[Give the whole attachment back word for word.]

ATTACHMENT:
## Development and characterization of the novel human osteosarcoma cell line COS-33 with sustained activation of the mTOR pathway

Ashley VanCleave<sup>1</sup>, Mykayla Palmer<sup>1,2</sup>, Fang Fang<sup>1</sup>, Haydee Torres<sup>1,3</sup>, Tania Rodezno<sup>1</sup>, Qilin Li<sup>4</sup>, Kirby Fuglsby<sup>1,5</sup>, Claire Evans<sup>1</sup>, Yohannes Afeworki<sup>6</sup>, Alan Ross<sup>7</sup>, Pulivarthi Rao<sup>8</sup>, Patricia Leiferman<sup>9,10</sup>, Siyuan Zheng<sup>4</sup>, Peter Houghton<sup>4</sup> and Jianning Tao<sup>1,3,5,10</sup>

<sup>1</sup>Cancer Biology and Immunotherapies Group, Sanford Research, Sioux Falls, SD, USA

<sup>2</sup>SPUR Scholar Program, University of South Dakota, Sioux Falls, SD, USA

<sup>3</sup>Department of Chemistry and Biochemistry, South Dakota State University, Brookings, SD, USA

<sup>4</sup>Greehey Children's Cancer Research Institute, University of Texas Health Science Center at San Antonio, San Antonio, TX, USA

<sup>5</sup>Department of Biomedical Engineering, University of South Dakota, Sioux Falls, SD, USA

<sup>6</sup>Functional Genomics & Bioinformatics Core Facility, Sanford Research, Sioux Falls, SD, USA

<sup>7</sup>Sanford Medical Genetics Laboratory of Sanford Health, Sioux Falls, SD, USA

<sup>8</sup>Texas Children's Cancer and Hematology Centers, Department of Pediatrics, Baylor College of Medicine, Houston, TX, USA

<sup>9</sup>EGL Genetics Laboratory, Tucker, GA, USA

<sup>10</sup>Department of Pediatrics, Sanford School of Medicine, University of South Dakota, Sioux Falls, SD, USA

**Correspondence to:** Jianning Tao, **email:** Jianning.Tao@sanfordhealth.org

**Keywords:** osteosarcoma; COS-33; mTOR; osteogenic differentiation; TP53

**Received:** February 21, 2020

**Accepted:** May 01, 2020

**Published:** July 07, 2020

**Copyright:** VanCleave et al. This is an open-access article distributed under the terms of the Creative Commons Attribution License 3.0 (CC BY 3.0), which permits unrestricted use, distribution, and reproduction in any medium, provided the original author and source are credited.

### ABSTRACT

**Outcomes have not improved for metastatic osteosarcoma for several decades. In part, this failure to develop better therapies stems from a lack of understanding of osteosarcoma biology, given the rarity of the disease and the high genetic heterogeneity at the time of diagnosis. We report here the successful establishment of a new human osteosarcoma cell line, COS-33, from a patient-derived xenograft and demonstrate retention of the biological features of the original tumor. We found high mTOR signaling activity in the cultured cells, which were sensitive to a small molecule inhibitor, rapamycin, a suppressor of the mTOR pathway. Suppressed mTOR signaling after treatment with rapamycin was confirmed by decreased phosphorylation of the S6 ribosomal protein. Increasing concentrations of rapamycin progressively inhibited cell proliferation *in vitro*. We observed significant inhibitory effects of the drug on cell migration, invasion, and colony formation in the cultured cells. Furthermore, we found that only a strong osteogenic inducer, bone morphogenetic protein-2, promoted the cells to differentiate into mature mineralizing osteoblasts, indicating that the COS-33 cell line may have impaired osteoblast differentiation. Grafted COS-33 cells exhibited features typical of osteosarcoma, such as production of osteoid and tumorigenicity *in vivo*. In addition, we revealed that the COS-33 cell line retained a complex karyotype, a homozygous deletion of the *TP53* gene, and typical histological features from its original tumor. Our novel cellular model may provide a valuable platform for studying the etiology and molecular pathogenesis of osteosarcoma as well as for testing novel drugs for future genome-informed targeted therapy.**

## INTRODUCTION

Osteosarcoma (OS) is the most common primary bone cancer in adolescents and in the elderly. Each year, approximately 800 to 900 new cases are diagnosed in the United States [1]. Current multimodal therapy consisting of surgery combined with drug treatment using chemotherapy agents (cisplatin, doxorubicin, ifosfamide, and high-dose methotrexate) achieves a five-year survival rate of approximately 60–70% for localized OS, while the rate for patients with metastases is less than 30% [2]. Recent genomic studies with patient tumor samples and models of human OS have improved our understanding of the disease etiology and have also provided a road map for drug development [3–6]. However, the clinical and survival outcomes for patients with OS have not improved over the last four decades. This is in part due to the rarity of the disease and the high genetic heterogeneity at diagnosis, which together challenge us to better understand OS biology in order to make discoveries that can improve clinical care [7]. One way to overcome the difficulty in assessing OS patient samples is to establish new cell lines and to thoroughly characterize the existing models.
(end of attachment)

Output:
## Development and characterization of the novel human osteosarcoma cell line COS-33 with sustained activation of the mTOR pathway

Ashley VanCleave<sup>1</sup>, Mykayla Palmer<sup>1,2</sup>, Fang Fang<sup>1</sup>, Haydee Torres<sup>1,3</sup>, Tania Rodezno<sup>1</sup>, Qilin Li<sup>4</sup>, Kirby Fuglsby<sup>1,5</sup>, Claire Evans<sup>1</sup>, Yohannes Afeworki<sup>6</sup>, Alan Ross<sup>7</sup>, Pulivarthi Rao<sup>8</sup>, Patricia Leiferman<sup>9,10</sup>, Siyuan Zheng<sup>4</sup>, Peter Houghton<sup>4</sup> and Jianning Tao<sup>1,3,5,10</sup>

<sup>1</sup>Cancer Biology and Immunotherapies Group, Sanford Research, Sioux Falls, SD, USA

<sup>2</sup>SPUR Scholar Program, University of South Dakota, Sioux Falls, SD, USA

<sup>3</sup>Department of Chemistry and Biochemistry, South Dakota State University, Brookings, SD, USA

<sup>4</sup>Greehey Children's Cancer Research Institute, University of Texas Health Science Center at San Antonio, San Antonio, TX, USA

<sup>5</sup>Department of Biomedical Engineering, University of South Dakota, Sioux Falls, SD, USA

<sup>6</sup>Functional Genomics & Bioinformatics Core Facility, Sanford Research, Sioux Falls, SD, USA

<sup>7</sup>Sanford Medical Genetics Laboratory of Sanford Health, Sioux Falls, SD, USA

<sup>8</sup>Texas Children's Cancer and Hematology Centers, Department of Pediatrics, Baylor College of Medicine, Houston, TX, USA

<sup>9</sup>EGL Genetics Laboratory, Tucker, GA, USA

<sup>10</sup>Department of Pediatrics, Sanford School of Medicine, University of South Dakota, Sioux Falls, SD, USA

**Correspondence to:** Jianning Tao, **email:** Jianning.Tao@sanfordhealth.org

**Keywords:** osteosarcoma; COS-33; mTOR; osteogenic differentiation; TP53

**Received:** February 21, 2020

**Accepted:** May 01, 2020

**Published:** July 07, 2020

**Copyright:** VanCleave et al. This is an open-access article distributed under the terms of the Creative Commons Attribution License 3.0 (CC BY 3.0), which permits unrestricted use, distribution, and reproduction in any medium, provided the original author and source are credited.

### ABSTRACT

**Outcomes have not improved for metastatic osteosarcoma for several decades. In part, this failure to develop better therapies stems from a lack of understanding of osteosarcoma biology, given the rarity of the disease and the high genetic heterogeneity at the time of diagnosis. We report here the successful establishment of a new human osteosarcoma cell line, COS-33, from a patient-derived xenograft and demonstrate retention of the biological features of the original tumor. We found high mTOR signaling activity in the cultured cells, which were sensitive to a small molecule inhibitor, rapamycin, a suppressor of the mTOR pathway. Suppressed mTOR signaling after treatment with rapamycin was confirmed by decreased phosphorylation of the S6 ribosomal protein. Increasing concentrations of rapamycin progressively inhibited cell proliferation *in vitro*. We observed significant inhibitory effects of the drug on cell migration, invasion, and colony formation in the cultured cells. Furthermore, we found that only a strong osteogenic inducer, bone morphogenetic protein-2, promoted the cells to differentiate into mature mineralizing osteoblasts, indicating that the COS-33 cell line may have impaired osteoblast differentiation. Grafted COS-33 cells exhibited features typical of osteosarcoma, such as production of osteoid and tumorigenicity *in vivo*. In addition, we revealed that the COS-33 cell line retained a complex karyotype, a homozygous deletion of the *TP53* gene, and typical histological features from its original tumor. Our novel cellular model may provide a valuable platform for studying the etiology and molecular pathogenesis of osteosarcoma as well as for testing novel drugs for future genome-informed targeted therapy.**

## INTRODUCTION

Osteosarcoma (OS) is the most common primary bone cancer in adolescents and in the elderly. Each year, approximately 800 to 900 new cases are diagnosed in the United States [1]. Current multimodal therapy consisting of surgery combined with drug treatment using chemotherapy agents (cisplatin, doxorubicin, ifosfamide, and high-dose methotrexate) achieves a five-year survival rate of approximately 60–70% for localized OS, while the rate for patients with metastases is less than 30% [2]. Recent genomic studies with patient tumor samples and models of human OS have improved our understanding of the disease etiology and have also provided a road map for drug development [3–6]. However, the clinical and survival outcomes for patients with OS have not improved over the last four decades. This is in part due to the rarity of the disease and the high genetic heterogeneity at diagnosis, which together challenge us to better understand OS biology in order to make discoveries that can improve clinical care [7]. One way to overcome the difficulty in assessing OS patient samples is to establish new cell lines and to thoroughly characterize the existing models.